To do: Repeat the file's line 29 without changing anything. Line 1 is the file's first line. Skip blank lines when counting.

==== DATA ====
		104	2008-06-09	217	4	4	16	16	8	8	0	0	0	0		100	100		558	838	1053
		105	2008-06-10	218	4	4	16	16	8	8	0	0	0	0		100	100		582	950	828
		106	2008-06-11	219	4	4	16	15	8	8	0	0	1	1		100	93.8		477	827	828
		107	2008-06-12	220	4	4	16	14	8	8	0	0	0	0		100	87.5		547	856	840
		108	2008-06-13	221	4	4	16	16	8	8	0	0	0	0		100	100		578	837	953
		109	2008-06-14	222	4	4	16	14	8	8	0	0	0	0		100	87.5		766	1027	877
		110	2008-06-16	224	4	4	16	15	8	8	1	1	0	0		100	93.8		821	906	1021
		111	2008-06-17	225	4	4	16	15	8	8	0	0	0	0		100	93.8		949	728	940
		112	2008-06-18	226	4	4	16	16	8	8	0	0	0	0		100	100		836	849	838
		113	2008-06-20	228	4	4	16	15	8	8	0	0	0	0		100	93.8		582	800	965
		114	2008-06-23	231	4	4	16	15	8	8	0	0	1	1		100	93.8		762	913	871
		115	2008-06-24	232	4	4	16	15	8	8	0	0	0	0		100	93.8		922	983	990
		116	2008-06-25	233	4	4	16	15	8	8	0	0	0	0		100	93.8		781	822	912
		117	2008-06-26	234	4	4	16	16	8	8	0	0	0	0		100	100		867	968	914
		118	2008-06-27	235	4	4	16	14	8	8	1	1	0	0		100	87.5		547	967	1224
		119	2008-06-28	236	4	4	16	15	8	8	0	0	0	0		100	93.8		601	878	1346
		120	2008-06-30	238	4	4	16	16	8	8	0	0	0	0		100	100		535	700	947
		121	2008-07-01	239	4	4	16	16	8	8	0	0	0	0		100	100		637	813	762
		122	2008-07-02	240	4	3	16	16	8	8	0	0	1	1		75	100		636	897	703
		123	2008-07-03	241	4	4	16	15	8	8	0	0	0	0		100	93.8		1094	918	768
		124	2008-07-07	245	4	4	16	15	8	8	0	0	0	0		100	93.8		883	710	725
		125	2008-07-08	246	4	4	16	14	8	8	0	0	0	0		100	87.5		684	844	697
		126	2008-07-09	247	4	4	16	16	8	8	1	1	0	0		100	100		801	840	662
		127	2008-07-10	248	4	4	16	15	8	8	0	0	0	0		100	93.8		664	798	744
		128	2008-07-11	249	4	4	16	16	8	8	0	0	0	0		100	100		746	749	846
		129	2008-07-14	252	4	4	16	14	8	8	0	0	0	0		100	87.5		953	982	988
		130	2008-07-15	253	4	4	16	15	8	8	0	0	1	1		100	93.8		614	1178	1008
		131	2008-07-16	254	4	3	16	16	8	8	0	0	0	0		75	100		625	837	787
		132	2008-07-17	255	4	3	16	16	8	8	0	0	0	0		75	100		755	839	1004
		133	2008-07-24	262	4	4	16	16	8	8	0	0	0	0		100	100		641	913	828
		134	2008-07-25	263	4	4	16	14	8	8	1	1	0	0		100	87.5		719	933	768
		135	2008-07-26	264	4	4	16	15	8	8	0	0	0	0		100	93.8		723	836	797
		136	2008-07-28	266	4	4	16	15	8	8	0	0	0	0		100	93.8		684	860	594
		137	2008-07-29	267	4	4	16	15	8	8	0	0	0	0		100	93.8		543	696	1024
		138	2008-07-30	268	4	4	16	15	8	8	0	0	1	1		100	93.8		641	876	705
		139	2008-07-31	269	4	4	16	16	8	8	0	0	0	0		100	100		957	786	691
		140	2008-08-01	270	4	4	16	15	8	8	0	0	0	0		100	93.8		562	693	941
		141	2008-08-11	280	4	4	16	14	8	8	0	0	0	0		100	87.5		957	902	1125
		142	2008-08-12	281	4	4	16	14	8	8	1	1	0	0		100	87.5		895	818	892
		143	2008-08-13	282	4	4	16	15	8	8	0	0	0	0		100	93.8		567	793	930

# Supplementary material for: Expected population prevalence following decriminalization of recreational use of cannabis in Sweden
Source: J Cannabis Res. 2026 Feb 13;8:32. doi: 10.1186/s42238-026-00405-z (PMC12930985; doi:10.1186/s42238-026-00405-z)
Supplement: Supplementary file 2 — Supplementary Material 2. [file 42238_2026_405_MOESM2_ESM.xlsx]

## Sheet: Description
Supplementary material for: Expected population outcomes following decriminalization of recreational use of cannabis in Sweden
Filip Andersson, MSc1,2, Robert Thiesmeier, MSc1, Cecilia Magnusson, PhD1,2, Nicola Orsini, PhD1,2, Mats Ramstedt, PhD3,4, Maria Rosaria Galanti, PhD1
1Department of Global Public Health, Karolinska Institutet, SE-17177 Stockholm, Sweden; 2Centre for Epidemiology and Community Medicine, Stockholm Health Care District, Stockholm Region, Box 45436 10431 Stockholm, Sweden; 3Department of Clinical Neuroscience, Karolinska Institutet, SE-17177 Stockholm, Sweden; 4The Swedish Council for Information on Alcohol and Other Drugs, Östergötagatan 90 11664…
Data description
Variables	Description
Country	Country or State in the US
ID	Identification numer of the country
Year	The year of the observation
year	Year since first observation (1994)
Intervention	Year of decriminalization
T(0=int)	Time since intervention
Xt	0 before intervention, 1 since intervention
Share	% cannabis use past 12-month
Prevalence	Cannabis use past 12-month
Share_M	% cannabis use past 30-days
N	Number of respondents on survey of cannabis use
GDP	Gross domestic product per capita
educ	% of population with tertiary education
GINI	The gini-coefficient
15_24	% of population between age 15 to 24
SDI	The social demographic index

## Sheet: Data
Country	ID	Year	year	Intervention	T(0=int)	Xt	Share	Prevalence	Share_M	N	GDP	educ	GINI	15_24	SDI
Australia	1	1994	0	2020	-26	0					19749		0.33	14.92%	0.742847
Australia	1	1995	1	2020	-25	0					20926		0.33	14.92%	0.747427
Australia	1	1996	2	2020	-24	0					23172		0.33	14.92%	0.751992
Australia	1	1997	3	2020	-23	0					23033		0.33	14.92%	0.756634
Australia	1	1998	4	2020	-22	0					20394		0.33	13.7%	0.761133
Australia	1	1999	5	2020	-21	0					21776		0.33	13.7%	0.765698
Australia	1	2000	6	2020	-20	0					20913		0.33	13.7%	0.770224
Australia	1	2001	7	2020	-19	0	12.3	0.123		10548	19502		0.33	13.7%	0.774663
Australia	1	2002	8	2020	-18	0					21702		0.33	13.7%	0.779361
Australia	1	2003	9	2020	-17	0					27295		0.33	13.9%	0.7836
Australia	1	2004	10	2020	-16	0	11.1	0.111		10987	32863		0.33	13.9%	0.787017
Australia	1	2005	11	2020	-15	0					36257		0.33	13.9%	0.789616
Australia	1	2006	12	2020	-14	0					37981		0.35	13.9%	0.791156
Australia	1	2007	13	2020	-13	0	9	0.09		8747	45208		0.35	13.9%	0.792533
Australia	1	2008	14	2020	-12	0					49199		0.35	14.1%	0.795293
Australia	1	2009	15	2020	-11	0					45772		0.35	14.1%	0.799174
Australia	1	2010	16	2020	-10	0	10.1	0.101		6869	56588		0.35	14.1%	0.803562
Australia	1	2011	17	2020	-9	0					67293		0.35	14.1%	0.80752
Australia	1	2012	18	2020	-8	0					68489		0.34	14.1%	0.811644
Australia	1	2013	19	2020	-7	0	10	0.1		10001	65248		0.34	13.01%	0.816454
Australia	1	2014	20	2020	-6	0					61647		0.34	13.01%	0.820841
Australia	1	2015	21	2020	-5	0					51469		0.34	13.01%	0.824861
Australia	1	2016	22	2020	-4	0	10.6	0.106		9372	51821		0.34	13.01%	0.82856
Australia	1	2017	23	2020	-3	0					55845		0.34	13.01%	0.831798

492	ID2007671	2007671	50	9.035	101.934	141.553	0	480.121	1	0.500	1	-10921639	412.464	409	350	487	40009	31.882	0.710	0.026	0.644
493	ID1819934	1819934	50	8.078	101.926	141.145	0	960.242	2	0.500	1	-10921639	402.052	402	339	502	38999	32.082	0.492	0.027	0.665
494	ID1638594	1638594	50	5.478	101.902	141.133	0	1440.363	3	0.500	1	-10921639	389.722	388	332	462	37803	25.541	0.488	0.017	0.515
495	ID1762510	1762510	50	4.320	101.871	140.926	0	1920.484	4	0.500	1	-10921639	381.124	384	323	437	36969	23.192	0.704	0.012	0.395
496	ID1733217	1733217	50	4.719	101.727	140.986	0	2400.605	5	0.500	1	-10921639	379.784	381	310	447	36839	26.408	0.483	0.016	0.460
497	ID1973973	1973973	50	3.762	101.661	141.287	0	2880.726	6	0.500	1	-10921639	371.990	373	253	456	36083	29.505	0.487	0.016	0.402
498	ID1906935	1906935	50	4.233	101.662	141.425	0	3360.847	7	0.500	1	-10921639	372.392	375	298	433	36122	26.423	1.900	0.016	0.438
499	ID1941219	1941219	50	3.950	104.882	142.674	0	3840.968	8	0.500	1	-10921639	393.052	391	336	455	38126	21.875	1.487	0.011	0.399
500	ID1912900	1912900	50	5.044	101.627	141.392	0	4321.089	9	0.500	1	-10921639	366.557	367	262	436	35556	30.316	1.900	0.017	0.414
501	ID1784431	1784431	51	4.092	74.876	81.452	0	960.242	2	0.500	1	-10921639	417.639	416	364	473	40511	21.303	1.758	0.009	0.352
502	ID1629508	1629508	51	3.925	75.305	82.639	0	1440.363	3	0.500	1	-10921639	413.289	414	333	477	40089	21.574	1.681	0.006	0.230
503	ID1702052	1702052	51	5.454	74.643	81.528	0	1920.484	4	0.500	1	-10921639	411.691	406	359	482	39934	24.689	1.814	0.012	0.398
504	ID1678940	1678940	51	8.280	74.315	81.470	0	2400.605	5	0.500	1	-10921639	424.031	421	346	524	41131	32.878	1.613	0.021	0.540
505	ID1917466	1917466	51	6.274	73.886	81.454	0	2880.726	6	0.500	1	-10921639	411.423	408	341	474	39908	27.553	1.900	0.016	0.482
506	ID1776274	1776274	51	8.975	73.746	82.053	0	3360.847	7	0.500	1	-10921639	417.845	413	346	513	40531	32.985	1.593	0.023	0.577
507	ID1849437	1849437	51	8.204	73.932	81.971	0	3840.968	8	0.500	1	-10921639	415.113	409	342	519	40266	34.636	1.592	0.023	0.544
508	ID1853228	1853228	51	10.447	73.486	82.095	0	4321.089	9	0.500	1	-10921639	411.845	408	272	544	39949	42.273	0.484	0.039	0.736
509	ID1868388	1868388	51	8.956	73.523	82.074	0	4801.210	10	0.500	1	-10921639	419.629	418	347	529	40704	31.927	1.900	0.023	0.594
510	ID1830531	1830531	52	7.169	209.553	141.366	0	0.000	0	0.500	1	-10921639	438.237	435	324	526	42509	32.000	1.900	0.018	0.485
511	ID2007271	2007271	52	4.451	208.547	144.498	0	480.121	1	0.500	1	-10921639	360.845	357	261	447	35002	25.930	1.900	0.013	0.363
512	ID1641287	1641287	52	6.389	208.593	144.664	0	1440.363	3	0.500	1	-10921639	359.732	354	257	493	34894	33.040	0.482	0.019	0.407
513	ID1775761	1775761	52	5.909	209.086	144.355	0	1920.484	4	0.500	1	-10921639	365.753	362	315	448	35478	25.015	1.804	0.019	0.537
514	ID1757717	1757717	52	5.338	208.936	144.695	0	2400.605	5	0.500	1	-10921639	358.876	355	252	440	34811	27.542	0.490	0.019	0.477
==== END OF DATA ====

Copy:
		132	2008-07-17	255	4	3	16	16	8	8	0	0	0	0		75	100		755	839	1004